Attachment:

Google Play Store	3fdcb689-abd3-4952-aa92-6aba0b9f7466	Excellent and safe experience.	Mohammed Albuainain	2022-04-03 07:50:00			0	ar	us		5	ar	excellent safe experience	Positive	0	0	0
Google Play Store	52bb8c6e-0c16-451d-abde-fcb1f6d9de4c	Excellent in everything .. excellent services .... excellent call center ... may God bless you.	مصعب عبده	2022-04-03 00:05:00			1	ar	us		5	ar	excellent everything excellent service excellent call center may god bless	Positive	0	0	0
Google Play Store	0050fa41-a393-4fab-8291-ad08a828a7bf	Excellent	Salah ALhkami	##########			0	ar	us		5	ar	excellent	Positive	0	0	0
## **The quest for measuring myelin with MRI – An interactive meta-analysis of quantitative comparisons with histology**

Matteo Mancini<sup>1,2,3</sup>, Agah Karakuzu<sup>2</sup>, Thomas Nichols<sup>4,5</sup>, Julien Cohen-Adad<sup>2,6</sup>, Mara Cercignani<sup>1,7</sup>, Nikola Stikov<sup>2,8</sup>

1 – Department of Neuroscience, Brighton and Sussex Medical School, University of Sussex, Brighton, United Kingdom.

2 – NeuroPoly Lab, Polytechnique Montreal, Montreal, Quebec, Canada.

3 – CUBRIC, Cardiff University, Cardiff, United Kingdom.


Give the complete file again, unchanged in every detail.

Google Play Store	3fdcb689-abd3-4952-aa92-6aba0b9f7466	Excellent and safe experience.	Mohammed Albuainain	2022-04-03 07:50:00			0	ar	us		5	ar	excellent safe experience	Positive	0	0	0
Google Play Store	52bb8c6e-0c16-451d-abde-fcb1f6d9de4c	Excellent in everything .. excellent services .... excellent call center ... may God bless you.	مصعب عبده	2022-04-03 00:05:00			1	ar	us		5	ar	excellent everything excellent service excellent call center may god bless	Positive	0	0	0
Google Play Store	0050fa41-a393-4fab-8291-ad08a828a7bf	Excellent	Salah ALhkami	##########			0	ar	us		5	ar	excellent	Positive	0	0	0
## **The quest for measuring myelin with MRI – An interactive meta-analysis of quantitative comparisons with histology**

Matteo Mancini<sup>1,2,3</sup>, Agah Karakuzu<sup>2</sup>, Thomas Nichols<sup>4,5</sup>, Julien Cohen-Adad<sup>2,6</sup>, Mara Cercignani<sup>1,7</sup>, Nikola Stikov<sup>2,8</sup>

1 – Department of Neuroscience, Brighton and Sussex Medical School, University of Sussex, Brighton, United Kingdom.

2 – NeuroPoly Lab, Polytechnique Montreal, Montreal, Quebec, Canada.

3 – CUBRIC, Cardiff University, Cardiff, United Kingdom.